User:Whispyhistory/Kidney disease

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A glomerulus, a functional unit that represents the first step in the filtration of blood and generation of urine.


Chronic kidney disease stages

Chronic kidney disease (CKD) staging - CKD G1-5 A1-3
glomerular filtration rate (GFR) and albumin/creatinine ratio (ACR)
A1 A2 A3
Normal to mildly increased Moderately increased Severely increased
<30 30-300 >300
G1 Normal 90+ 1 if kidney damage present 1 2
G2 Mildly decreased 60-89 1 if kidney damage present 1 2
G3a Mildly to moderately decreased 45-59 1 2 3
G3b Moderately to severely decreased 30-44 2 3 3
G4 Severely decreased 15-29 3 4+ 4+
G5 Kidney failure <15 4+ 4+ 4+
Numbers 1 - 4 indicates risk of progression as well as frequency of monitoring (number of times a year).
Kidney Disease Improving Global Outcomes - KDIGO 2012 Clinical Practice Guideline for the Evaluation and Management of Chronic Kidney Disease

Urine albumin‐to‐creatinine ratio

Urine albumin‐to‐creatinine ratio[1]

Glomerular disease

Glomerular disease is a disorder of the glomerulus in the kidney.[2] It typically presents with blood or protein in urine.[2] Early in the disease there are generally no symptoms and it may be detected on routine urine testing.[2] Complications include high blood pressure and kidney failure.[2]

Causes include diabetes mellitus, auto-immune conditions and infections such as hepatitis B, hepatitis C, HIV and malaria.[2] It is diffuse if all glomeruli are affected and focal if just some.[2] Part of the glomerulus may be involved or the whole unit; segmental and global respectively.[2] The disease may be proliferative, sclerosing or necrotising.[2] Where there is mostly inflammation, it is described as glomerulonephritis, and in the absence of inflammation it is termed glomerulopathy.[3]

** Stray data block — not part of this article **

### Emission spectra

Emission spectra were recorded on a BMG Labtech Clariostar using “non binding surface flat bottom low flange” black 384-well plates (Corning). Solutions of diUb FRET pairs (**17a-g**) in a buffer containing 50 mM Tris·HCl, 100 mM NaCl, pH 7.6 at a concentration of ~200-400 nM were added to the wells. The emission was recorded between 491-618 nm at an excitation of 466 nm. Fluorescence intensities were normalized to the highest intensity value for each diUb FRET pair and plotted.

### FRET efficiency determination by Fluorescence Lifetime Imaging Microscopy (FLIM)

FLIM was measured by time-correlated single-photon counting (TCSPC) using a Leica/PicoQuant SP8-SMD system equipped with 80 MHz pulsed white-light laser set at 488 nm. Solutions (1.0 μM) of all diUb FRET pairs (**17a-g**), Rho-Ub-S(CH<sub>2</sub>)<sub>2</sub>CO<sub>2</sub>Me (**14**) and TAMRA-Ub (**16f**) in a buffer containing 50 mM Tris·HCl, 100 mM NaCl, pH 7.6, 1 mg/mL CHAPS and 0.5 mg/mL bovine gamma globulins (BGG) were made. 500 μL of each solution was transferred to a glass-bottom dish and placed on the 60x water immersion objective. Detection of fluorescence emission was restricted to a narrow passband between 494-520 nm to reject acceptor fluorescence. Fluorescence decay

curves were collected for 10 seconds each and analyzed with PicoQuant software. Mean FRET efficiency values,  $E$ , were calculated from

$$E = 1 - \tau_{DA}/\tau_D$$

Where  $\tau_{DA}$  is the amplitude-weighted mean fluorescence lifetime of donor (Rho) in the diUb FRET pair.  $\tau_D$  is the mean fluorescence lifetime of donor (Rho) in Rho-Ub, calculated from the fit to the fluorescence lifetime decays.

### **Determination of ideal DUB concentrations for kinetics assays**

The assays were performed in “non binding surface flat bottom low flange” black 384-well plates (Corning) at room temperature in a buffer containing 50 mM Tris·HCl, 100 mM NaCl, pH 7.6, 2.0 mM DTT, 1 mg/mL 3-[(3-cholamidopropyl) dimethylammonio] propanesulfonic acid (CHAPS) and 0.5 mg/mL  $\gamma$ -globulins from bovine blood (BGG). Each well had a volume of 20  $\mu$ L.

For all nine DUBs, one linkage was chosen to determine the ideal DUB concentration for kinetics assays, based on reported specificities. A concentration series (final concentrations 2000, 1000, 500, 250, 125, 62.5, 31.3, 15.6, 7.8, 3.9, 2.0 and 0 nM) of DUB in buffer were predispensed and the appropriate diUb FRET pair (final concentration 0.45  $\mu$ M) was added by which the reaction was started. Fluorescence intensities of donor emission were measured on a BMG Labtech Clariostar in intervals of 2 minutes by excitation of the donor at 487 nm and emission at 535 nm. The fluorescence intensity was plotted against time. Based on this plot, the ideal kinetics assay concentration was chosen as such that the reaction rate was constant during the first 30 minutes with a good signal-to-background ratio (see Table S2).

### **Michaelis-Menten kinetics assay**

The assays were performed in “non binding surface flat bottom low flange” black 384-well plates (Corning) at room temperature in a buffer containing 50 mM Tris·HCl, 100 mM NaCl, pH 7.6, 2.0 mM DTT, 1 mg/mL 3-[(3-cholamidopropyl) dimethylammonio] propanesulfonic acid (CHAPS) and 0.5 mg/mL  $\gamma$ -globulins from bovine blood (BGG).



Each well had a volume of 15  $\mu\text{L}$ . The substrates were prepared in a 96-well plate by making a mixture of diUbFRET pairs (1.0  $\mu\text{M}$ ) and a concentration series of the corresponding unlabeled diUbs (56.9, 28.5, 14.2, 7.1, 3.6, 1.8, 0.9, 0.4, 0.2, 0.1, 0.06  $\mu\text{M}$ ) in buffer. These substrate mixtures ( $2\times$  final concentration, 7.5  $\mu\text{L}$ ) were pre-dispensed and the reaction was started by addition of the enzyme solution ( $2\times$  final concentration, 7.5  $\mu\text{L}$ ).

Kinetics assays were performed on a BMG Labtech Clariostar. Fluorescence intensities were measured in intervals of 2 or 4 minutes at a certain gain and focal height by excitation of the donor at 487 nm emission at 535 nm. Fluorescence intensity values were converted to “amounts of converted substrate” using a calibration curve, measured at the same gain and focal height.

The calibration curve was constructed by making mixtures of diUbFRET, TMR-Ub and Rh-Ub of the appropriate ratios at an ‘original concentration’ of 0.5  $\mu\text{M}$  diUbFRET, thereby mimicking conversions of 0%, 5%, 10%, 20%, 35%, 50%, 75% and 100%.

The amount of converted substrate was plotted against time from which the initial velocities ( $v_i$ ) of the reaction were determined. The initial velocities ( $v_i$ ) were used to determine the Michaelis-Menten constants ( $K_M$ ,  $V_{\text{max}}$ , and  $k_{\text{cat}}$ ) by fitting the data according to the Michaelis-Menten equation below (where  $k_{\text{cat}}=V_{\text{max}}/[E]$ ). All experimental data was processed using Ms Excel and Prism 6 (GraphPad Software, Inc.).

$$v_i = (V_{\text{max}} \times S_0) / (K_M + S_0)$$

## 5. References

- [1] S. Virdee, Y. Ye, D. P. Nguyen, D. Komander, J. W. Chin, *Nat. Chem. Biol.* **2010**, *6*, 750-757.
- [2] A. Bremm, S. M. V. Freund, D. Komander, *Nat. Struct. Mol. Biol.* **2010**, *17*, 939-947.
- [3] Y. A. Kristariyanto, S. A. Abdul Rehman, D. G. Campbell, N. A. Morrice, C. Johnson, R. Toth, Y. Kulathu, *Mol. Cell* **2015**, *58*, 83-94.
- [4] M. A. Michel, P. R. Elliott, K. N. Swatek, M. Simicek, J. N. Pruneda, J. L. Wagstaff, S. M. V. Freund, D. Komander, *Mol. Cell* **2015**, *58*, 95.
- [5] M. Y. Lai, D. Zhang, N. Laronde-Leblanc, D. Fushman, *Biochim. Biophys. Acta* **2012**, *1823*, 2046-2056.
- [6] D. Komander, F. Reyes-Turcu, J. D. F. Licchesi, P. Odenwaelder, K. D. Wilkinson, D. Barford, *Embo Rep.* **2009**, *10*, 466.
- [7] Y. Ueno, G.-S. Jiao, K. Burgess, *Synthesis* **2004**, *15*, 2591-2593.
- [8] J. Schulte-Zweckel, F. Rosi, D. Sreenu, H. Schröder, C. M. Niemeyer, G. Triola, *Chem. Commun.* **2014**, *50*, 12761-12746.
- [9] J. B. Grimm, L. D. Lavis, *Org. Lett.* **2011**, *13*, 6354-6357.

Males are affected more than females.[4]




  1. Ren, Fei; Li, Mingzhu; Xu, Hua; Qin, Xiaowei; Teng, Yanling (5 June 2021). "Urine albumin‐to‐creatinine ratio within the normal range and risk of hypertension in the general population: A meta‐analysis". The Journal of Clinical Hypertension. 23 (7): 1284–1290. doi:10.1111/jch.14263. ISSN 1524-6175. PMID 34089300.
  2. 2.0 2.1 2.2 2.3 2.4 2.5 2.6 2.7 Rhadhakrishnan, Jai M.; Appel, Gerald B. (2020). "113. Glomerular disorders and nephrotic syndromes". In Goldman, Lee; Schafer, Andrew I. (eds.). Goldman-Cecil Medicine. Vol. 1 (26th ed.). Philadelphia: Elsevier. pp. 753–763535. ISBN 978-0-323-55087-1.
  3. Yacoob, M. Magdi; Ashman, Neil (2020). "36. Kidney and urinary tract disease". In Feather, Adam; Randall, David; Waterhouse, Mona (eds.). Kumar and Clark's Clinical Medicine (10th ed.). Elsevier. pp. 1353–1408. ISBN 978-0-7020-7870-5.
  4. Beckwith, Hannah; Lightstone, Liz; McAdoo, Steve (March 2022). "Sex and Gender in Glomerular Disease". Seminars in Nephrology. 42 (2): 185–196. doi:10.1016/j.semnephrol.2022.04.008. ISSN 1558-4488. PMID 35718365.
  5. "Glomerular Diseases". National Institute of Diabetes and Digestive and Kidney Diseases. Retrieved 28 December 2022.